# The Runge Kutta 4th order Algorithm

I am doing an intern at Zeus Numerix where I have to simulate motion of an artillery missile fired from a launch vehicle.After doing the dynamics part of the analysis we get a series of second order differential equations which are solved by the Runge – Kutta method.

The Runge-Kutta algorithm is the magic formula behind many of the physics simulations . The Runge-Kutta algorithm lets us solve a differential equation numerically (that is, approximately) it is known to be very accurate and well-behaved for a wide range of problems.

Consider the single variable problem x‘ = f (t, x) with initial condition x(0) = x0. Suppose that xn is the value of the variable at time tn. The Runge-Kutta formula takes xn and tn and calculates an approximation for xn+1 at a brief time later, tn+h. It uses a weighted average of approximated values of f (t, x) at several times within the interval (tn, tn+h). The formula is given by xn+1 = xn + h6 (a + 2 b + 2 c + d) where a = f (tn, xn)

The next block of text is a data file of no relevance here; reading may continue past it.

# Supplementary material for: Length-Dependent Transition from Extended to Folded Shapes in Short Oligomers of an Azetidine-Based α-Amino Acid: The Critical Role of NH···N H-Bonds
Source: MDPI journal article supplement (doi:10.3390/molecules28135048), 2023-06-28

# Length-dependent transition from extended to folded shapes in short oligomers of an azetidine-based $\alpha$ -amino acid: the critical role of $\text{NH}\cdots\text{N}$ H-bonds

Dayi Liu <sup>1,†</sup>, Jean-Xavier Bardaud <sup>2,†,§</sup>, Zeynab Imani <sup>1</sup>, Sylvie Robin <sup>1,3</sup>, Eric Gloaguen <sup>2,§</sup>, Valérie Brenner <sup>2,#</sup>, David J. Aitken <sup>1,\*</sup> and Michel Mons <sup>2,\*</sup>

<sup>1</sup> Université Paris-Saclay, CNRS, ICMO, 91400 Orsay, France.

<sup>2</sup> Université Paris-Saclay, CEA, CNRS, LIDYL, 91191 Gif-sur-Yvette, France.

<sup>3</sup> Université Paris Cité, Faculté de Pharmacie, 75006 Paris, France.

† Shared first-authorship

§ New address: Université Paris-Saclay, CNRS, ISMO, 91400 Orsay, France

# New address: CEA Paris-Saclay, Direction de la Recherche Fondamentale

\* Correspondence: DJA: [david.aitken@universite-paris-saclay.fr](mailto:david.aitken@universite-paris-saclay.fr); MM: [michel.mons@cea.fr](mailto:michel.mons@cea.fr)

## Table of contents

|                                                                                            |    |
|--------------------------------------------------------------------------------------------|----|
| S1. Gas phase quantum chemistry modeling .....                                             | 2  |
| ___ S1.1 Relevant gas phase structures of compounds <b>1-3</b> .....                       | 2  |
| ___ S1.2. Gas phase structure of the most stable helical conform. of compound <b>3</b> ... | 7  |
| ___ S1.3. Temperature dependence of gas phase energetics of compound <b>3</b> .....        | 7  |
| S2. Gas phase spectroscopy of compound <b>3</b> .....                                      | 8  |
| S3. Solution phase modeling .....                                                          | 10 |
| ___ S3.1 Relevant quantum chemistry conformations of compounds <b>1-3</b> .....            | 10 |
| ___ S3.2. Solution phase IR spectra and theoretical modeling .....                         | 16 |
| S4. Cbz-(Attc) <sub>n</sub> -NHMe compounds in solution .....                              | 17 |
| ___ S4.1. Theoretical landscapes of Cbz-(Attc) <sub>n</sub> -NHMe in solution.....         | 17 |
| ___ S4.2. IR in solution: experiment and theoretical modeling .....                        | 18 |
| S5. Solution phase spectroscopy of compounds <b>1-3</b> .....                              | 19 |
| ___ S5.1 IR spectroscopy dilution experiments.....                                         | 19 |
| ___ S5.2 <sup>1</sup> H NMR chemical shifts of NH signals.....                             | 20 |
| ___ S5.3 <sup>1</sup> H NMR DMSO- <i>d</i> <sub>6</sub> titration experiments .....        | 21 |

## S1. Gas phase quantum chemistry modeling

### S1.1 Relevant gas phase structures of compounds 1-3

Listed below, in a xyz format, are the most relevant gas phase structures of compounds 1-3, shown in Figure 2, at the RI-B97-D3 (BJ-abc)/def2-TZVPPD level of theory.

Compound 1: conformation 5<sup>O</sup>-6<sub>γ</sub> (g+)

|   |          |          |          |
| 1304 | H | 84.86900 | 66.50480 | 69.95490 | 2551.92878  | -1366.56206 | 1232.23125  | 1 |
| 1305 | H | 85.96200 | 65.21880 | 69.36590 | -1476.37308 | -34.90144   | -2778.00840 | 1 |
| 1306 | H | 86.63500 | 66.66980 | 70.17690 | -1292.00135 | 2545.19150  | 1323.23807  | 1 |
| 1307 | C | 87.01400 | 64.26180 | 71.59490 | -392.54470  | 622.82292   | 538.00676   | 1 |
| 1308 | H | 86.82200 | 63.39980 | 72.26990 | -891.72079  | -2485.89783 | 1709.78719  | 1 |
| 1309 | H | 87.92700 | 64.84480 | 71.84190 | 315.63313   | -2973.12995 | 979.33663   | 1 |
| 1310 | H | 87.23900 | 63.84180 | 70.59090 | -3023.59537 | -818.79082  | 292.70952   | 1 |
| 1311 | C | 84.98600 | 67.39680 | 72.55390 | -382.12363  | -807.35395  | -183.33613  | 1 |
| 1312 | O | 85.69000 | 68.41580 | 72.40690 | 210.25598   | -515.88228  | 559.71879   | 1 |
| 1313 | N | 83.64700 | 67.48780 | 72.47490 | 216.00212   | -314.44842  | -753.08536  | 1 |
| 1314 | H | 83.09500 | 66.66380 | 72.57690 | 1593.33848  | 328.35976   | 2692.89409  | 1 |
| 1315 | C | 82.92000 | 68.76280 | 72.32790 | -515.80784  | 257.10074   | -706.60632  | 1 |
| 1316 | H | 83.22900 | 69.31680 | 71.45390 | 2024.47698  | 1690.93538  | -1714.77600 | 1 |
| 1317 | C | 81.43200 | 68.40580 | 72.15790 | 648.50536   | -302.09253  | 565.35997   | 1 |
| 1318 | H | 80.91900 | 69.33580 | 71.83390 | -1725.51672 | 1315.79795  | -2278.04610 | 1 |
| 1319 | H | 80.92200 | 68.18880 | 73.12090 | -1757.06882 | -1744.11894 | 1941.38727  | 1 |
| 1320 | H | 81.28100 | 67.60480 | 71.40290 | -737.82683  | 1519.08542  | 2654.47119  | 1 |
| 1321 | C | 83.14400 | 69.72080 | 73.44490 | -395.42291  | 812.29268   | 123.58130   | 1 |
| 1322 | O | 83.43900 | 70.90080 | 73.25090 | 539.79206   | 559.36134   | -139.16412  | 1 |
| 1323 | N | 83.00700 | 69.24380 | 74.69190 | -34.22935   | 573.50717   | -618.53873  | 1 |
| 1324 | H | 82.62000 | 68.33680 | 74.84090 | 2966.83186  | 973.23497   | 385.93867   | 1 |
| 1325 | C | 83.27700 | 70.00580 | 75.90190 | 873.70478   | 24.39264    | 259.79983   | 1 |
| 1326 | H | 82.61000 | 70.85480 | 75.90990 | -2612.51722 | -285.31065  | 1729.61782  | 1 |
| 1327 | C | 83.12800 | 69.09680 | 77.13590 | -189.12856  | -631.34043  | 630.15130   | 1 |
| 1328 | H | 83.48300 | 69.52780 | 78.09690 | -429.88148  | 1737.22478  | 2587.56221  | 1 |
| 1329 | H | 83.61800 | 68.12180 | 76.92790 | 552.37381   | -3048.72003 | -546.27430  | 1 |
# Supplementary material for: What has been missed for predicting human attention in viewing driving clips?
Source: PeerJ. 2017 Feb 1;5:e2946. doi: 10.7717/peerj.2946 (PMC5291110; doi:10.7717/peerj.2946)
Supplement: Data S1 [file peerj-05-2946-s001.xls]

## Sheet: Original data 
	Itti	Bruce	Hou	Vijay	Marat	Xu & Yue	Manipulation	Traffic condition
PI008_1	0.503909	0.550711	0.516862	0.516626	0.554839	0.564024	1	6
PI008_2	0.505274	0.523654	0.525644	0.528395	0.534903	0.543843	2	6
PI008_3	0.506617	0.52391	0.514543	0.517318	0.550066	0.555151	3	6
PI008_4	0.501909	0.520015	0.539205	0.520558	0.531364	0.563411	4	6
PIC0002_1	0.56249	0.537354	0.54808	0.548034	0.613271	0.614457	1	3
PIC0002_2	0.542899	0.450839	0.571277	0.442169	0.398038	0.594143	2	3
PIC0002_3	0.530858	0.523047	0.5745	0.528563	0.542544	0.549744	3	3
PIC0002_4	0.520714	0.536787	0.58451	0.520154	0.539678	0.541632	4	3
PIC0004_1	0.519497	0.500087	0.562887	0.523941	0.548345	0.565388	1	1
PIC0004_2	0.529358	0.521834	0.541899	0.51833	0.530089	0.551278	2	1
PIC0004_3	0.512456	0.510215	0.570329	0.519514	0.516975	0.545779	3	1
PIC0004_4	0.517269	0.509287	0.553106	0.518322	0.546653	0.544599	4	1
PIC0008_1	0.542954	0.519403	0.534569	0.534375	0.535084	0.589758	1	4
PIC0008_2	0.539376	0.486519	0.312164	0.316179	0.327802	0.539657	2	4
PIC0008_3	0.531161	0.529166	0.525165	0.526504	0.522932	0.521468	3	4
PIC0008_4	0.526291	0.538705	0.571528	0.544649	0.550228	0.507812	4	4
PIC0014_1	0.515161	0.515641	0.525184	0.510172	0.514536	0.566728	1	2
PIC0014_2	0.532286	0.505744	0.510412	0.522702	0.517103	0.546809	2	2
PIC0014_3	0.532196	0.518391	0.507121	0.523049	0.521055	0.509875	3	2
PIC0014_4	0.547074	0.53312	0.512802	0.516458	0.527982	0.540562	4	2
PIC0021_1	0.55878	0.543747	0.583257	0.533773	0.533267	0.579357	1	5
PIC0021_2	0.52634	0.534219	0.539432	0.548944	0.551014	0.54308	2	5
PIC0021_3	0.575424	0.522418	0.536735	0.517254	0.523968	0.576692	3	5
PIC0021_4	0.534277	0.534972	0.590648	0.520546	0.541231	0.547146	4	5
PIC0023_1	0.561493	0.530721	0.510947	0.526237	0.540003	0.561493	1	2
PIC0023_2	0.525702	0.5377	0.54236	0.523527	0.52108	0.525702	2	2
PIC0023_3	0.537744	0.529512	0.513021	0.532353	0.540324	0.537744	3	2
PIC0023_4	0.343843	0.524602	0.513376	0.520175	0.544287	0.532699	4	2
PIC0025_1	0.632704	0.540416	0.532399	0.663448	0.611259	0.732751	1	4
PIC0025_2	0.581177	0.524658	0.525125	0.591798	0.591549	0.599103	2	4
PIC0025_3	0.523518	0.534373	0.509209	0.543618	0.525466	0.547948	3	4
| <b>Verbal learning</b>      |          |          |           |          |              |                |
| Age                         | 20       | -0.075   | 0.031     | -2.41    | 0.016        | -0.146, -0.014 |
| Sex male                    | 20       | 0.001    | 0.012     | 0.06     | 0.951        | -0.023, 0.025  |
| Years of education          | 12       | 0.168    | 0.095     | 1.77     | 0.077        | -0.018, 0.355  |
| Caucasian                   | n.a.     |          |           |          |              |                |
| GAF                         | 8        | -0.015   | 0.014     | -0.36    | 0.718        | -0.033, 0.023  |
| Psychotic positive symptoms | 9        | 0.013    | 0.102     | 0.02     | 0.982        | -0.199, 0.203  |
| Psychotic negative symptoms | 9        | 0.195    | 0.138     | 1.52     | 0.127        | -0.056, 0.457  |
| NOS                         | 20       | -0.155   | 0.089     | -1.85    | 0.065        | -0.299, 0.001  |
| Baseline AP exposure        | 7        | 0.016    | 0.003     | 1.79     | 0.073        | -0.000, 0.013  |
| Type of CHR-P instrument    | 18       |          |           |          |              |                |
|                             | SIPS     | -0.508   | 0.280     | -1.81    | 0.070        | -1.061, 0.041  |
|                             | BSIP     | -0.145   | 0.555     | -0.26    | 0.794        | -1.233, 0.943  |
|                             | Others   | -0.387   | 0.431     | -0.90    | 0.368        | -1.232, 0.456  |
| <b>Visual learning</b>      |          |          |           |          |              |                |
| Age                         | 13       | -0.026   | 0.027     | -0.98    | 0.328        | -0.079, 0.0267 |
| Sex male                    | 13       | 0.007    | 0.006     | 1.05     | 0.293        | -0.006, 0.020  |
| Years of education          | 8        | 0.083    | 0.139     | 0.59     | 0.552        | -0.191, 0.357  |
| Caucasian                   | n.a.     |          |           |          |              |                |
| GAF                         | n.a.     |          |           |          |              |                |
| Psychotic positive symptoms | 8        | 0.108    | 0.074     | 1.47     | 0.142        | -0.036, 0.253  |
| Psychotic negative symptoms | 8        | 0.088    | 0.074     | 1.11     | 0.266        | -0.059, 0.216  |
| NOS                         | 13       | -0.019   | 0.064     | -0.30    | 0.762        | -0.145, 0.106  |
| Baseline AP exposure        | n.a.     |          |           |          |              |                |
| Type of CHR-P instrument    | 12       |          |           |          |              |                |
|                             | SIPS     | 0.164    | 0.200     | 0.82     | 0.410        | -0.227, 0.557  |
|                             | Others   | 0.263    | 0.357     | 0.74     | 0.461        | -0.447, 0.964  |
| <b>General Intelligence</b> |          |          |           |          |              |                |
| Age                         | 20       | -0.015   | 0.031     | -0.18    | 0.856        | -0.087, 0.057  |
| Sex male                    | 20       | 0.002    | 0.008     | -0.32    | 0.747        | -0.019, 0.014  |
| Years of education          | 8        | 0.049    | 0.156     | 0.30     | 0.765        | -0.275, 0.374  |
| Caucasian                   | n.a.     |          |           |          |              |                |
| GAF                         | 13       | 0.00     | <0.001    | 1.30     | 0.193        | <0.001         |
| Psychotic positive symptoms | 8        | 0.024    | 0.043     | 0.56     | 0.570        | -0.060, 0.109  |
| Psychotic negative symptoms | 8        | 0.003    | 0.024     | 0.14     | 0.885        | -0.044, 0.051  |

b = f (tn + h2, xn + h2 a)
c = f (tn + h2, xn + h2 b)
d = f (tn + h, xn + h c).

To run the simulation, we start with x0 and find x1 using the formula above. Then we plug in x1 to find x2 and so on.

With multiple variables, the Runge-Kutta algorithm looks similar to the above equations, except that the variables become vectors.

Make sure that u keep all the derivatives on one side of the equation and then solve.

A C++ code for it is as follows:

double solve(double timestep,double init,double stepsize){
double ret=init;
double time=0.0;
while(timestep–){

double k1,k2,k3,k4;//fc is the function obtained to the right hand side of the diff. equation
k1=fc(time,ret);
k2=fc(time+(stepsize/2.0),ret+(1.0/2.0 * k1 * stepsize));
k3=fc(time+(stepsize/2.0),ret+(1.0/2.0 * k2 * stepsize));
k4=fc(time+(stepsize/2.0),ret+(k3 * stepsize));
ret+=((k1+2*k2+2*k3+k4)/6.0);

}
return ret;
}

Edit: Thanks to Fabio for the correction  in the code